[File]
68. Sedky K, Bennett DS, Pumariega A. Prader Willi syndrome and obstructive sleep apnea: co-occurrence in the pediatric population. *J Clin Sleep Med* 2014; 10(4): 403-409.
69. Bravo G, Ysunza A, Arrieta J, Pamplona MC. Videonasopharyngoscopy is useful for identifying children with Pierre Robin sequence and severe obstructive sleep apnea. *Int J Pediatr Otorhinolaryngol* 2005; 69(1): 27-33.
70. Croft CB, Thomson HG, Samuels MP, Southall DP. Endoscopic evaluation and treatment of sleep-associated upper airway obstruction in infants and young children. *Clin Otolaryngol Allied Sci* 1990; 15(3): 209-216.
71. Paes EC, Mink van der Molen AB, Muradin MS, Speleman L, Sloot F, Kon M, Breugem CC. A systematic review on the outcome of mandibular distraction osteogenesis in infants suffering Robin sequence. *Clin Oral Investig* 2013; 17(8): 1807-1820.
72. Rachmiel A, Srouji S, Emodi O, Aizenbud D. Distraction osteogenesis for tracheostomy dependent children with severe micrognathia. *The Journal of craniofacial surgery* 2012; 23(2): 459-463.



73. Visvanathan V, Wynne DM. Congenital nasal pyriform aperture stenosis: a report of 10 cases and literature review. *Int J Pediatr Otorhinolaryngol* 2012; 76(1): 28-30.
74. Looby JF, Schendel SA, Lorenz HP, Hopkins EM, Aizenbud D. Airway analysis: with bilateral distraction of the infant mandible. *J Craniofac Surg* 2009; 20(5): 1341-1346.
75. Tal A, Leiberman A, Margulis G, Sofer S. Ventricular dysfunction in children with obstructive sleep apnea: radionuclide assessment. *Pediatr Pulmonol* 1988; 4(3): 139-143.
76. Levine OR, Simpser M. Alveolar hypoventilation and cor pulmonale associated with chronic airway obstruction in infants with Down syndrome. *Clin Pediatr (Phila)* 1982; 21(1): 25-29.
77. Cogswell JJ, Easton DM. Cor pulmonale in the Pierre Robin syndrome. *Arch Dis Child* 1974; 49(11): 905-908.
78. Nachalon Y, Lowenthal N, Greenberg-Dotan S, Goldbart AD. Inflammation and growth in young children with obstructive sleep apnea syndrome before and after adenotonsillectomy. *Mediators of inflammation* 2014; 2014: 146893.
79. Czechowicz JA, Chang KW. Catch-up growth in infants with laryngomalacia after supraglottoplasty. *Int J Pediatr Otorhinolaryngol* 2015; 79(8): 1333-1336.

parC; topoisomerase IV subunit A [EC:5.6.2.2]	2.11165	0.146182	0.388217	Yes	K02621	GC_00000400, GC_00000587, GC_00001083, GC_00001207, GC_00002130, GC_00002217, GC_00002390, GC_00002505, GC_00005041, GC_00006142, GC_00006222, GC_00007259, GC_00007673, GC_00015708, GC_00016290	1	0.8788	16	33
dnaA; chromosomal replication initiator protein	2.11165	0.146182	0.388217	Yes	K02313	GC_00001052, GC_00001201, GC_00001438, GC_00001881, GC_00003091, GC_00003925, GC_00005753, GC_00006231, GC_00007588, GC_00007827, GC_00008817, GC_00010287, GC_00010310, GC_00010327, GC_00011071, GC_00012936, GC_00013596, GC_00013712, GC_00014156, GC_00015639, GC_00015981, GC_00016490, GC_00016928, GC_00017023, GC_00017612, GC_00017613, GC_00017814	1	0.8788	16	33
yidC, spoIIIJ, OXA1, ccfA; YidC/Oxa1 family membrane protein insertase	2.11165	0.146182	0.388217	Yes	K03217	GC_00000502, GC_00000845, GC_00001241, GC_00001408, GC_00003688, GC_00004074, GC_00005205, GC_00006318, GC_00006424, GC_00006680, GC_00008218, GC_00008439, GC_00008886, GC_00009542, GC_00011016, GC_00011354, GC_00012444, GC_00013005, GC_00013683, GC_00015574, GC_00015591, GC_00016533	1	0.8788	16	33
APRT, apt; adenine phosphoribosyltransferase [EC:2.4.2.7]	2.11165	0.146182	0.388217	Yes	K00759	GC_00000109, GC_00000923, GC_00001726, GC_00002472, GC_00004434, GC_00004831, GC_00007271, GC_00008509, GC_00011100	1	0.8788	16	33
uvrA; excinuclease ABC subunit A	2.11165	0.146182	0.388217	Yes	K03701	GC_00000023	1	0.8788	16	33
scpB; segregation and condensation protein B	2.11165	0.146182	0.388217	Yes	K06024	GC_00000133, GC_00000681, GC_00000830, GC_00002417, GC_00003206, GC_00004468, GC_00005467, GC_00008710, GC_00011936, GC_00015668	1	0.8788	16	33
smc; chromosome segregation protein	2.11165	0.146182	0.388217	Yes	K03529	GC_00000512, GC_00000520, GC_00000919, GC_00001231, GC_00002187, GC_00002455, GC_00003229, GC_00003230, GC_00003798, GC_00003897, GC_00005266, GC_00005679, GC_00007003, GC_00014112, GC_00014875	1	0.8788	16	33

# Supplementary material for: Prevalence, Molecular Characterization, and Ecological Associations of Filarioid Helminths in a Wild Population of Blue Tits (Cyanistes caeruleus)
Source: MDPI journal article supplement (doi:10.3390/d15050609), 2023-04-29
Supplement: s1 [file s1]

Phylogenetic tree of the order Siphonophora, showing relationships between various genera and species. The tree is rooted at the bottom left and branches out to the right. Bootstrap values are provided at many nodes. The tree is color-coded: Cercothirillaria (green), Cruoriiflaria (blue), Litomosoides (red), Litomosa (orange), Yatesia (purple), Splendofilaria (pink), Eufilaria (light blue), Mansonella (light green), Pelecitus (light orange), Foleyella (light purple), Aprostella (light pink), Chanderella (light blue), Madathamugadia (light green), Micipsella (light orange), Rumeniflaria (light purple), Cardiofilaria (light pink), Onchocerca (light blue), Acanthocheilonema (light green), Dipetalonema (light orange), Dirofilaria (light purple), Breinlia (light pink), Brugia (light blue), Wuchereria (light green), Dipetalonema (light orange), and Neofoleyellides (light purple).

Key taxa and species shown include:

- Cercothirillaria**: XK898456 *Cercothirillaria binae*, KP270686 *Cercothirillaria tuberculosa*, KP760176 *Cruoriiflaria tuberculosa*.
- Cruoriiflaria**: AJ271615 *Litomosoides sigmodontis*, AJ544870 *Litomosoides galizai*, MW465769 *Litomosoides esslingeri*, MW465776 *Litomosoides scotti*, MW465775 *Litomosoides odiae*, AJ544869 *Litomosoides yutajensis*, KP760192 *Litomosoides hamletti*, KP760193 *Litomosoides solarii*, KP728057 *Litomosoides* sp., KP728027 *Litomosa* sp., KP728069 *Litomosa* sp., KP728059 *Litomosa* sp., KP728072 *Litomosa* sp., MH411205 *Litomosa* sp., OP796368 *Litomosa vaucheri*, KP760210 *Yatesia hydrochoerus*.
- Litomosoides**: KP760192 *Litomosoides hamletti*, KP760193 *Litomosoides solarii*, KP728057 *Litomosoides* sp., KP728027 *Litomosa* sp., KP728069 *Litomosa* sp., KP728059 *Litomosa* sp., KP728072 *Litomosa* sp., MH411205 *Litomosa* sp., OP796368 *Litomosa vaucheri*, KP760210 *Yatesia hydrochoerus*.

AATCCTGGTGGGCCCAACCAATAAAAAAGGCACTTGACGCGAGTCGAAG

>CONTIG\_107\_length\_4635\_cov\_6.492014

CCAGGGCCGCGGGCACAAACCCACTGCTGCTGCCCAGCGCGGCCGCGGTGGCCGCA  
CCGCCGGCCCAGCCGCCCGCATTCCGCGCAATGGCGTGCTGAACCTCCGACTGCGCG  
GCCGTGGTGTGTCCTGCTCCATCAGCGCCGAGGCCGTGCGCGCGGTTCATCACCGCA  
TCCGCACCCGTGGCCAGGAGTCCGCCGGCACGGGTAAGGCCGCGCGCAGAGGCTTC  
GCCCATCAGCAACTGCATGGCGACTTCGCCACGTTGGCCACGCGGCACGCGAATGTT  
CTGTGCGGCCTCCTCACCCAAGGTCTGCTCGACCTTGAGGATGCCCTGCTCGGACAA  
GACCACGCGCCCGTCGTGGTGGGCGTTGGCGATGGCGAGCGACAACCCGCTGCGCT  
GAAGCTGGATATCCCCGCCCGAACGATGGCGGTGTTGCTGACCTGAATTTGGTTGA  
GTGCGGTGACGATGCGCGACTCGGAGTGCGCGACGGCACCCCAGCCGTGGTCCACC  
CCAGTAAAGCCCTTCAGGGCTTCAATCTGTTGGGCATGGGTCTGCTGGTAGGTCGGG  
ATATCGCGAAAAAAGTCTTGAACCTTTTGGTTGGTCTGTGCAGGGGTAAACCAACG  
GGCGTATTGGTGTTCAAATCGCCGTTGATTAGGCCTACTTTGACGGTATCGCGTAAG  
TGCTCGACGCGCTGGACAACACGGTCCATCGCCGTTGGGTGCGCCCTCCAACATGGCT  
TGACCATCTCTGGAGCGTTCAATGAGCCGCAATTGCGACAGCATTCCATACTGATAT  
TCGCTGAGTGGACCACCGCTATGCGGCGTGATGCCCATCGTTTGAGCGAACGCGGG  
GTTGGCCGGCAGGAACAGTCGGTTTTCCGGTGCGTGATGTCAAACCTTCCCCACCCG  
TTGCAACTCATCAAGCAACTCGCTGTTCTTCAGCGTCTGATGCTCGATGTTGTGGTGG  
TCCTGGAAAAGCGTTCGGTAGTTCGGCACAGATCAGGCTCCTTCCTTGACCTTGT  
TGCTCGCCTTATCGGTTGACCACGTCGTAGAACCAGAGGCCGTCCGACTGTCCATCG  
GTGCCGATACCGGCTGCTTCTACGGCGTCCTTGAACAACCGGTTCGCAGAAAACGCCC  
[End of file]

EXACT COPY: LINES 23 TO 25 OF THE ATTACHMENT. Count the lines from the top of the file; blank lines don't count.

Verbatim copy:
Phylogenetic tree of the order Siphonophora, showing relationships between various genera and species. The tree is rooted at the bottom left and branches out to the right. Bootstrap values are provided at many nodes. The tree is color-coded: Cercothirillaria (green), Cruoriiflaria (blue), Litomosoides (red), Litomosa (orange), Yatesia (purple), Splendofilaria (pink), Eufilaria (light blue), Mansonella (light green), Pelecitus (light orange), Foleyella (light purple), Aprostella (light pink), Chanderella (light blue), Madathamugadia (light green), Micipsella (light orange), Rumeniflaria (light purple), Cardiofilaria (light pink), Onchocerca (light blue), Acanthocheilonema (light green), Dipetalonema (light orange), Dirofilaria (light purple), Breinlia (light pink), Brugia (light blue), Wuchereria (light green), Dipetalonema (light orange), and Neofoleyellides (light purple).

Key taxa and species shown include:

- Cercothirillaria**: XK898456 *Cercothirillaria binae*, KP270686 *Cercothirillaria tuberculosa*, KP760176 *Cruoriiflaria tuberculosa*.